Reining in Hezbollah should be key part of Iran talks
As President-elect Joe Biden’s foreign policy team begins taking shape, one of the most-discussed topics among Middle Eastern analysts is the US strategy toward Iran. Most are expecting a return to a deal, as some members of Biden’s team were involved in the negotiations during the Obama administration. This echoes the hopes of European countries, which are eager to get a deal back in place.
It is interesting to note that the more experts predict that the US and Europeans will push for a deal with the Iranian leadership and are favorable to this scenario, the more the Iranian leadership plays hard to get and adds refusals and conditions to the way this deal should look.
On the other hand, there have been some good suggestions from the new US foreign policy team on how to avoid some of the shortfalls of the Joint Comprehensive Plan of Action. Most of these voices suggest that, this time, any nuclear deal should also include an agreement on the Iranian ballistic missile program, as well its interference and behavior in the region. If pursued, this seems like a good step — if not essential. The inclusion of Arab countries in the discussion mechanism would also be a positive and good suggestion, as the region needs stability among all its countries.
However, this more comprehensive and constructive agreement is something the Iranians do not want. They would prefer to “bucketize” each subject to maximize their gains. Mostly, they believe they can increase their control over the various countries where they are involved, from Lebanon to Iraq and Yemen, and this is mostly thanks to Hezbollah.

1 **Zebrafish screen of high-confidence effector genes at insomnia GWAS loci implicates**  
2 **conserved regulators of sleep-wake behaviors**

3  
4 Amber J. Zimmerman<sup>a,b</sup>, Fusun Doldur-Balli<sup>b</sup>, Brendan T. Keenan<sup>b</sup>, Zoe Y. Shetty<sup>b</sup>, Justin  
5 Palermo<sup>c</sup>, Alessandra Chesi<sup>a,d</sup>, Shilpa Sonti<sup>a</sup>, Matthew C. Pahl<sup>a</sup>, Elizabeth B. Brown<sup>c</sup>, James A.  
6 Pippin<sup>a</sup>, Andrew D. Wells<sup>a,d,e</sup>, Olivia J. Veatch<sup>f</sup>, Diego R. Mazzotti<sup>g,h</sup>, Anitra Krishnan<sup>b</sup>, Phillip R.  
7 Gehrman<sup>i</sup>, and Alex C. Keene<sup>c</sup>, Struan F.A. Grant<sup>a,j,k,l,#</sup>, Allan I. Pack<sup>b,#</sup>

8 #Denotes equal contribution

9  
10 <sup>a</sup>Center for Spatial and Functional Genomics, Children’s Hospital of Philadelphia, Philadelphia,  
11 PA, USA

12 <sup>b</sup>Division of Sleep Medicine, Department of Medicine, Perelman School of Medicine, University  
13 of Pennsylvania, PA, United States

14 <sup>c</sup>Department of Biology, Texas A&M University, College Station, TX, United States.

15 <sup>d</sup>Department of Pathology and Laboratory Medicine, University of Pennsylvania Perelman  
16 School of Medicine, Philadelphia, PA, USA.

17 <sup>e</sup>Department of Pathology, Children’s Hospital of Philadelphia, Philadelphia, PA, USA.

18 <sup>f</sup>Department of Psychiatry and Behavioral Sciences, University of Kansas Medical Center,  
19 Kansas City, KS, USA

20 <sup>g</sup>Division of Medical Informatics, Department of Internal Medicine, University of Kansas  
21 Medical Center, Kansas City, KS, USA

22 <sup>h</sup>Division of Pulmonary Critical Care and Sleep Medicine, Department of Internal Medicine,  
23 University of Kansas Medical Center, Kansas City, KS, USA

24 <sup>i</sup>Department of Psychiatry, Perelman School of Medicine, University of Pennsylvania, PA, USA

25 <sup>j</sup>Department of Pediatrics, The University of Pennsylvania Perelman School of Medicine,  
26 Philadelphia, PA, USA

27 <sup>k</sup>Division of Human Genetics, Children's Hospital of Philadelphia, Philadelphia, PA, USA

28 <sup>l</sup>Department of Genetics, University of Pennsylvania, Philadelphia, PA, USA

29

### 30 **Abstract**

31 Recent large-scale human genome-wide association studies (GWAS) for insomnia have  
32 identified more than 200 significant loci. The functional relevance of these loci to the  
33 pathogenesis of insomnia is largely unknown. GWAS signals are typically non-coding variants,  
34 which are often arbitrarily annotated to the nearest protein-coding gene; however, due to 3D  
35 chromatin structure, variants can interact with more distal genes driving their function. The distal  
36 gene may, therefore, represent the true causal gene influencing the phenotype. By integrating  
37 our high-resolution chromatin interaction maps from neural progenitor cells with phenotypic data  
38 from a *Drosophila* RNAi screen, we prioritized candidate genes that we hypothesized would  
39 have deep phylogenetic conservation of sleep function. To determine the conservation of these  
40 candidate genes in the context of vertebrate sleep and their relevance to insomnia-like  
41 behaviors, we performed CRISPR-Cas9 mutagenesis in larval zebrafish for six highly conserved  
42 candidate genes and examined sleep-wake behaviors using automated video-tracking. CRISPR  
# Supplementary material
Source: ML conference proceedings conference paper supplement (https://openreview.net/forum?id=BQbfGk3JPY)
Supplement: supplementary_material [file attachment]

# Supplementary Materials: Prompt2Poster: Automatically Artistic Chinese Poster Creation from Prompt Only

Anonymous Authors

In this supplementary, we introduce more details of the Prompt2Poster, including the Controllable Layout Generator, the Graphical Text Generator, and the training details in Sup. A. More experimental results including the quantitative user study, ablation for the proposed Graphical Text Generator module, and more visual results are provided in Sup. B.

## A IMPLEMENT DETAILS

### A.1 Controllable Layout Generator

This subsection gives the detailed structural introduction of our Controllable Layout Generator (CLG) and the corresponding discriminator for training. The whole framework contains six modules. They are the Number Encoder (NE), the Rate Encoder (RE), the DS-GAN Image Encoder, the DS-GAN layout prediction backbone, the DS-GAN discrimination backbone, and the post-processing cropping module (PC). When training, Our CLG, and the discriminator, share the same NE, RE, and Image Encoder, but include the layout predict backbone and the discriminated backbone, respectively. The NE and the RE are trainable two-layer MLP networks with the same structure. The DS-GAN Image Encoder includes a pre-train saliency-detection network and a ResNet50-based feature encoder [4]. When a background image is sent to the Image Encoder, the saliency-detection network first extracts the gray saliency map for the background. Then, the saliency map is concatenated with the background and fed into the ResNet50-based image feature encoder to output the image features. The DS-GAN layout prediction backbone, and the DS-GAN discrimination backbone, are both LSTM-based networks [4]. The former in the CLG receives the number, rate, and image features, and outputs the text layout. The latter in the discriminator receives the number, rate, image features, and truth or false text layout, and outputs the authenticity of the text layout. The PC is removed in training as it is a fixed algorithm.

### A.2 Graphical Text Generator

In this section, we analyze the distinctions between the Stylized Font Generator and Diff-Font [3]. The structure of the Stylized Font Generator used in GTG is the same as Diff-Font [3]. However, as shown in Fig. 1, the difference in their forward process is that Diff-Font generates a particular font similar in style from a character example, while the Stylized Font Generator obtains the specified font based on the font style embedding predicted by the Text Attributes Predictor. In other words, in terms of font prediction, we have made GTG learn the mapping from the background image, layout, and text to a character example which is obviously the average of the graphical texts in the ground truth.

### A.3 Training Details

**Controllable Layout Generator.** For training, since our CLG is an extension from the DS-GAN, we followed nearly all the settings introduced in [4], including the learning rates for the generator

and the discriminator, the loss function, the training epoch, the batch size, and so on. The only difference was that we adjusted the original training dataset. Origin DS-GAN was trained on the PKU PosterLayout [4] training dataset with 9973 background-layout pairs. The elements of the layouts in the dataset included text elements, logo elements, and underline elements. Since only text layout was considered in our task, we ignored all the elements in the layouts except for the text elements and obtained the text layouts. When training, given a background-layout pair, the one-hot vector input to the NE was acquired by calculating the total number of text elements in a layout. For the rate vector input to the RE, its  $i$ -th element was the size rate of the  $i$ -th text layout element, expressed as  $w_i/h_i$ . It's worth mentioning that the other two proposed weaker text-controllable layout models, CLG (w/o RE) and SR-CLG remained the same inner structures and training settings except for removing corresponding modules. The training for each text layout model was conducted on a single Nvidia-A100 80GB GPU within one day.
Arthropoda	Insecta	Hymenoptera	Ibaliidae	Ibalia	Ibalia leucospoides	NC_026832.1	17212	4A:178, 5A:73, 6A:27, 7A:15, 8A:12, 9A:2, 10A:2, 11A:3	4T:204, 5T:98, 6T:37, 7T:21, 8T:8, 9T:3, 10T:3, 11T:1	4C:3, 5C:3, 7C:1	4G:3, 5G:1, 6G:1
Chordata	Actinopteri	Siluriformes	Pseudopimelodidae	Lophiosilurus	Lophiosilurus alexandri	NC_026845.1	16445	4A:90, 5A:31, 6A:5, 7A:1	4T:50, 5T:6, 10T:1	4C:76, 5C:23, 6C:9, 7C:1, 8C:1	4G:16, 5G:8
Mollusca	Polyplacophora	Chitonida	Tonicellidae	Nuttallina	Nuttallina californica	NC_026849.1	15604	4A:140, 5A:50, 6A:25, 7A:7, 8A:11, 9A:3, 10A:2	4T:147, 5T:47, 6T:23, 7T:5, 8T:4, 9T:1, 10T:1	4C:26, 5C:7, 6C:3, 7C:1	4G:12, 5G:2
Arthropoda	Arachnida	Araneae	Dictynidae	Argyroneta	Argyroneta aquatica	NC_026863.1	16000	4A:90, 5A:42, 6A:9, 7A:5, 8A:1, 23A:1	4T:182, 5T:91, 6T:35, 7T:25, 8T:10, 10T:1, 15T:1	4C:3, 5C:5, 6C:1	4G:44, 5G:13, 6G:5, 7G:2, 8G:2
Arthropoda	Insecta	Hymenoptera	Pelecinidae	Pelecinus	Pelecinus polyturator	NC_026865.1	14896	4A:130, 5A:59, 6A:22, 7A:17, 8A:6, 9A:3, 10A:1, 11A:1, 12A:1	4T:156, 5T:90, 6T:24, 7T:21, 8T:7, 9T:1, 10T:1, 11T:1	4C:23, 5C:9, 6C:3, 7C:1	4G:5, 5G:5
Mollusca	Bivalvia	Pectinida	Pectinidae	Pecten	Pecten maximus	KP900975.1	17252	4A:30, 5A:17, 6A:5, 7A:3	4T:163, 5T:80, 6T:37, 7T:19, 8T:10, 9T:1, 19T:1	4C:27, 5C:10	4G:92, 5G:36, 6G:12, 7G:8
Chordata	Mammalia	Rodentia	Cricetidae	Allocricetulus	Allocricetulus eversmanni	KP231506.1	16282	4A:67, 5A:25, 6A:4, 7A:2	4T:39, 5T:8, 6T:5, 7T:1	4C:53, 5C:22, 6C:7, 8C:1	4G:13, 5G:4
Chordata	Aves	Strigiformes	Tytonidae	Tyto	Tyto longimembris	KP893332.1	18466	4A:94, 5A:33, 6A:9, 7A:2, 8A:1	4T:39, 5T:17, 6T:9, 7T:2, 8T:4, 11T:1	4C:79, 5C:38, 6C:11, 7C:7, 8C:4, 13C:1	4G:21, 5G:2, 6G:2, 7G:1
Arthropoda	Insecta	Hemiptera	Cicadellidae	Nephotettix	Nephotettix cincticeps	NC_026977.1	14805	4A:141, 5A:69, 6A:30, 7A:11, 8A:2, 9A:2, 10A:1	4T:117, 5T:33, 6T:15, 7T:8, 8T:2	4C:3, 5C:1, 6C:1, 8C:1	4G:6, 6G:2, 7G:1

It is for this reason that attention toward countering Hezbollah and its illegal activities is important. Regardless of the content and nature of the expected US-European engagement with Iran, it is important to continue stopping Hezbollah’s illegal activities and designate it as a terrorist entity globally. This is for many reasons, and not for Lebanon alone, but for the security of the Middle East and the world.
Firstly, in the same way that there has long been a view that the Israeli-Palestinian conflict has exacerbated violence and pushed the region to extremism, one could say the same about Hezbollah’s impunity in Lebanon and abroad. Indeed, if the Palestinian cause does not today seem to be the same symbol of injustice that might have once pushed some youths toward extremism in the region, it is a certainty that Hezbollah’s acceptance as a respectable political force by some in the Western media and European countries has pushed more Sunni youths toward extremism.
This is especially the case in countries where humiliation by Hezbollah and other Iranian proxies has been rampant. Whether in Syria, Iraq or Lebanon, Hezbollah’s actions and those of its entourage have been consistent in humiliating others, who are left to suffer and to let the wounds of injustice and inequality heal in silence. This is by no means the only reason for the rise of Daesh, but there is a symbiotic interaction between the two.
I am always puzzled as to what makes the Hezbollah model of non-state actor acceptable when compared to others. Even when it comes to Lebanese politics, how can analysts still push the argument of separation between its political and armed wings? This is all semantics. Hezbollah is just like Daesh or Al-Hashd Al-Shaabi: A dangerous non-state actor and a terrorist organization. Therefore, it should be treated as such. At the very least, this should be the focus of its regional and international presence.